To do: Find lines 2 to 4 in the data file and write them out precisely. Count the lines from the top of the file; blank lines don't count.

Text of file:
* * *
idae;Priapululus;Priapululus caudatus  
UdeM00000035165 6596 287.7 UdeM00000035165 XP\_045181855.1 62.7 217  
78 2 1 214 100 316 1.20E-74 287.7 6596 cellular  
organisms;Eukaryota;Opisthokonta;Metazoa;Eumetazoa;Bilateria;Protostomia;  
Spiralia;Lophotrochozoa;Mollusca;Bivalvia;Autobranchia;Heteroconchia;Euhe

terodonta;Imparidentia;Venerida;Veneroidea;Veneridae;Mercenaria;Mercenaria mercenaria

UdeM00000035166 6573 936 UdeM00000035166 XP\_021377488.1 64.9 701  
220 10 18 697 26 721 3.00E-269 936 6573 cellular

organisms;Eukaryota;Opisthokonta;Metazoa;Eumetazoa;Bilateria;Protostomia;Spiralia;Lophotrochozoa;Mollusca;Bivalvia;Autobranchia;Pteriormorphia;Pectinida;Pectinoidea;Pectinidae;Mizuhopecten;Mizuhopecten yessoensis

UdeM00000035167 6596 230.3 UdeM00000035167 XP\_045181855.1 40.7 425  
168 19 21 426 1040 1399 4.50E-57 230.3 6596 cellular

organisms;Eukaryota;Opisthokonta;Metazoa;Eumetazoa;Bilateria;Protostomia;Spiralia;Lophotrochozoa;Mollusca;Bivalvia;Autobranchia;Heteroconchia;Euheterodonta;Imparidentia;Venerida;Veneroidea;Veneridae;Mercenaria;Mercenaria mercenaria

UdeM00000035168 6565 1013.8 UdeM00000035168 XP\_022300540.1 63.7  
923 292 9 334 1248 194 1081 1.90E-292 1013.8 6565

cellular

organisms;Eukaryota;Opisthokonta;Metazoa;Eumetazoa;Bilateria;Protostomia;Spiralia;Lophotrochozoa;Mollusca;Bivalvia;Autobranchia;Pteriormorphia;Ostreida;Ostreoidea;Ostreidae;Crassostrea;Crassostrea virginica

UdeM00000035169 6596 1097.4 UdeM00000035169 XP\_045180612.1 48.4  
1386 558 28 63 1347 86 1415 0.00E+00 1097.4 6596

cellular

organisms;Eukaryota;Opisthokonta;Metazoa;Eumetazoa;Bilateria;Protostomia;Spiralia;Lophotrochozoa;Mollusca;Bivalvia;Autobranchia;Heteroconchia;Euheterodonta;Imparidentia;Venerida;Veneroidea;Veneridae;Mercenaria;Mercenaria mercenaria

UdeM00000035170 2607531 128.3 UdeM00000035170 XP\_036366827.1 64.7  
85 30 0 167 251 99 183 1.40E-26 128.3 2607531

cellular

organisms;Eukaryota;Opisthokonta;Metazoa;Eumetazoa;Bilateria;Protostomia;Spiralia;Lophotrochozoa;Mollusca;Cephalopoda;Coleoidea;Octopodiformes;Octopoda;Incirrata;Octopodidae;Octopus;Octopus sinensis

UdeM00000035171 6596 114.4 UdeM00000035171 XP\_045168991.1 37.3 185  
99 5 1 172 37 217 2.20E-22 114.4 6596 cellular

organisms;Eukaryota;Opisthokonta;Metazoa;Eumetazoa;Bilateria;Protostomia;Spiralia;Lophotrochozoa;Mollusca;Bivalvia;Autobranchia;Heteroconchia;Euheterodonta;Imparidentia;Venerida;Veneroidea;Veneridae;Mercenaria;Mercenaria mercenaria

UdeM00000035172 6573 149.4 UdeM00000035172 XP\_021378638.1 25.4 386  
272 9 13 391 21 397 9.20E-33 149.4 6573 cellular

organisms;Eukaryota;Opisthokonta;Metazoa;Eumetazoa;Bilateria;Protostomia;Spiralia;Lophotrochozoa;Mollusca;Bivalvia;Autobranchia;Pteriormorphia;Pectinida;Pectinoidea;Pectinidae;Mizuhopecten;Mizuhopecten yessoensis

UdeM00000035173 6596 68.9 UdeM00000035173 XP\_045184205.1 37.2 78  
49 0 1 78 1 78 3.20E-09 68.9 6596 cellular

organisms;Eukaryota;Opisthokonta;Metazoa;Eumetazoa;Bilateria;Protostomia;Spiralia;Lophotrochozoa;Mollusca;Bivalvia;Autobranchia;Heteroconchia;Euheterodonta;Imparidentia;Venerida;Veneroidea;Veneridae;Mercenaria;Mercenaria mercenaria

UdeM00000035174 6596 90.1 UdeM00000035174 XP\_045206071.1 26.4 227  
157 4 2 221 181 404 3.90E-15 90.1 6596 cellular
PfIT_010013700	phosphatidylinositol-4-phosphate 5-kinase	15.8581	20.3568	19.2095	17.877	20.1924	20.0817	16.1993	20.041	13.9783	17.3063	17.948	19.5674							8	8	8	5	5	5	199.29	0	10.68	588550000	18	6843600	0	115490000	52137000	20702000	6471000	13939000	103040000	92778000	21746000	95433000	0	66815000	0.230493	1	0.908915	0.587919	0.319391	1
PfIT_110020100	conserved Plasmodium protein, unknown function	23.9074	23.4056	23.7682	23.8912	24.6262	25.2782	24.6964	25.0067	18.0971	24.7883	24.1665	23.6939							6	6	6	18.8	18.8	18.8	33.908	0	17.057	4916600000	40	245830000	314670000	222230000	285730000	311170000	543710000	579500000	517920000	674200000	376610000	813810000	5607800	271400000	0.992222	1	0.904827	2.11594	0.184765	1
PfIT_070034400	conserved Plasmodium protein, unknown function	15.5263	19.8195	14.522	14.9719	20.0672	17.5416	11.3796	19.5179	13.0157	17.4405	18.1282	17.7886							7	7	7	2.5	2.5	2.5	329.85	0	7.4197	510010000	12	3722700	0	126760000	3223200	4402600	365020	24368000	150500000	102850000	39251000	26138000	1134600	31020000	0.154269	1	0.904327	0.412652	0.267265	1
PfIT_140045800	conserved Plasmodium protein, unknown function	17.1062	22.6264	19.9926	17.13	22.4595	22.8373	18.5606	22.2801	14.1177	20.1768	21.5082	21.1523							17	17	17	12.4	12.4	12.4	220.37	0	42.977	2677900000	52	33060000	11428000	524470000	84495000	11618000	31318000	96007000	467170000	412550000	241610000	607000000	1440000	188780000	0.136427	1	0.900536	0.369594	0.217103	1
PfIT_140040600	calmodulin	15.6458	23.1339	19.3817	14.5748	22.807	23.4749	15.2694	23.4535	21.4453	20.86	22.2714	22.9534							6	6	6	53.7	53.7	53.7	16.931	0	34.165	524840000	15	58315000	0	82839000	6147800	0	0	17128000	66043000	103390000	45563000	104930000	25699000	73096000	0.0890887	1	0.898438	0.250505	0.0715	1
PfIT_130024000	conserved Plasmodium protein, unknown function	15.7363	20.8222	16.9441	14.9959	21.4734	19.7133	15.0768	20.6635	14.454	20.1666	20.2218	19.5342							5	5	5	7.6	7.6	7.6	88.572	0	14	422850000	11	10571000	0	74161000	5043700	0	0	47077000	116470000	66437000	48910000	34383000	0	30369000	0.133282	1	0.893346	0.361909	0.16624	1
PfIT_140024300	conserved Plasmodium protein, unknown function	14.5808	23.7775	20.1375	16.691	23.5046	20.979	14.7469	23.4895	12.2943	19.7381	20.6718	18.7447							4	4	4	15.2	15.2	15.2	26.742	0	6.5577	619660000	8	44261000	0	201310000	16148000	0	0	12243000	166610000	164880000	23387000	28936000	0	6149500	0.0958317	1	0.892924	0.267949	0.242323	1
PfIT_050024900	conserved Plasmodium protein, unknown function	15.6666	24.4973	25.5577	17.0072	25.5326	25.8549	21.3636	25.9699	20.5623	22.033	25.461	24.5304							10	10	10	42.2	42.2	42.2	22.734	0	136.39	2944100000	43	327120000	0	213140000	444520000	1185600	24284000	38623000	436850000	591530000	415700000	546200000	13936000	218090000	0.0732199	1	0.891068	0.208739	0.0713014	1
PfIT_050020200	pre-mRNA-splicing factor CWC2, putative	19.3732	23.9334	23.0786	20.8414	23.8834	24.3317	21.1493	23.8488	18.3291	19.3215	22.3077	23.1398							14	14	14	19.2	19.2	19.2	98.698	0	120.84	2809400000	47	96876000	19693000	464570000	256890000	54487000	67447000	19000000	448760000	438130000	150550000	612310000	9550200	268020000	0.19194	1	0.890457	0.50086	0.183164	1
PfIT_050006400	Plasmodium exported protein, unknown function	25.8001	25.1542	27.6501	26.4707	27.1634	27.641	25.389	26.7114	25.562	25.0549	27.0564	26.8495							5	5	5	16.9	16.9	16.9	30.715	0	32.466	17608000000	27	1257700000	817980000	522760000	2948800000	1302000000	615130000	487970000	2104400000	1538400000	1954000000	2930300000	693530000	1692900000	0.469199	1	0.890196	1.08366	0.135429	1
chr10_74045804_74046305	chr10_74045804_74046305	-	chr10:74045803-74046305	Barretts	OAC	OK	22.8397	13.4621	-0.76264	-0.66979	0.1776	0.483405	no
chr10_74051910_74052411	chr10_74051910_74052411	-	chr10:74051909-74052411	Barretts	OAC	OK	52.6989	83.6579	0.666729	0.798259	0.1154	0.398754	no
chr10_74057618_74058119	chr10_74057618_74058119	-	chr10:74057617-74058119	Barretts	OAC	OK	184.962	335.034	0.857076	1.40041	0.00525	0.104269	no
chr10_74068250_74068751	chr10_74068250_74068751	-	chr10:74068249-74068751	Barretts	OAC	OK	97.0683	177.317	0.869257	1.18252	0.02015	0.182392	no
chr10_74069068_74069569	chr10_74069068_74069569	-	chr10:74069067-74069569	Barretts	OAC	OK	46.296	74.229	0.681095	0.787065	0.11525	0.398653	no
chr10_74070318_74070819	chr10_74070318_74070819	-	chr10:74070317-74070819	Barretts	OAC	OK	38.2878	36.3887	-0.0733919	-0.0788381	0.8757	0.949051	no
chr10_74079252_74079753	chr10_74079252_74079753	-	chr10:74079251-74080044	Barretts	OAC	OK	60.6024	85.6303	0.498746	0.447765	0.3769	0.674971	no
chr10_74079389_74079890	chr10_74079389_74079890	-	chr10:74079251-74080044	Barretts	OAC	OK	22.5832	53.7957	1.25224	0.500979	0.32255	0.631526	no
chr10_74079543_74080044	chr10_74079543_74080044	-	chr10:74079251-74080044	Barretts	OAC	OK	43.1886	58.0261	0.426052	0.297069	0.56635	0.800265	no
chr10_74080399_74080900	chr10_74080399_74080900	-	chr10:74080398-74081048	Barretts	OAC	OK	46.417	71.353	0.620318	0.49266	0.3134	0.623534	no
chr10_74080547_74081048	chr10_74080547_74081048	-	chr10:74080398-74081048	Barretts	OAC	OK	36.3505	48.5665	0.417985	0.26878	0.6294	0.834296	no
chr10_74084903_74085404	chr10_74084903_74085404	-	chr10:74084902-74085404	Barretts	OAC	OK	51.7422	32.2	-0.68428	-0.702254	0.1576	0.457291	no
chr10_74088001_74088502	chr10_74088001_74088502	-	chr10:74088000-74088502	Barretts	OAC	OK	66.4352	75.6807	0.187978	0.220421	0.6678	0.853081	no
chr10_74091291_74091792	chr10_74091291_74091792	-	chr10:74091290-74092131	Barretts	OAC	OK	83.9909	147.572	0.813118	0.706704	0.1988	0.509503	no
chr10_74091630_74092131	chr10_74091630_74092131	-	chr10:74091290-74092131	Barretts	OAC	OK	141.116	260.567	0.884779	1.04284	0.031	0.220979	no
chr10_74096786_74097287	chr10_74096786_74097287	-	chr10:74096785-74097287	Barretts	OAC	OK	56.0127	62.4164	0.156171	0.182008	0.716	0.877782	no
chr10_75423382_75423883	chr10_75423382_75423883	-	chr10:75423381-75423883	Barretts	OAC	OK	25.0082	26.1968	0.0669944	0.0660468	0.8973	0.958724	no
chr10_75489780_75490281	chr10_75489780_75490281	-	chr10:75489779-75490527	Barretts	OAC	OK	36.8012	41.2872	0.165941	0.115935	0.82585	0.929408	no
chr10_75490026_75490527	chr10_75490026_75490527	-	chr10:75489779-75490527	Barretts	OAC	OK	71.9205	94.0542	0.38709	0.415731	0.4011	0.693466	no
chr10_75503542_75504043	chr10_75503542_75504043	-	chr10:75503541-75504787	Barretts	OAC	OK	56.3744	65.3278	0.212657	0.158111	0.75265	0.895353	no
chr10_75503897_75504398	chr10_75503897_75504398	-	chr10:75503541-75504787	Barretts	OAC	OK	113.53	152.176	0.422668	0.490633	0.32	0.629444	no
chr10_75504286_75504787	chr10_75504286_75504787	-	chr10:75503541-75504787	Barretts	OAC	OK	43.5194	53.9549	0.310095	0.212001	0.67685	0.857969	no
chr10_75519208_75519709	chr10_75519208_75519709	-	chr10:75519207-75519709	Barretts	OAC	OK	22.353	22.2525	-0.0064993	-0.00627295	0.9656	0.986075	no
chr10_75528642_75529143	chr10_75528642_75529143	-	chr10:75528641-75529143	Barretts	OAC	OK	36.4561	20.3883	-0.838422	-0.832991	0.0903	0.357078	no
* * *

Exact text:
UdeM00000035165 6596 287.7 UdeM00000035165 XP\_045181855.1 62.7 217  
78 2 1 214 100 316 1.20E-74 287.7 6596 cellular  
organisms;Eukaryota;Opisthokonta;Metazoa;Eumetazoa;Bilateria;Protostomia;  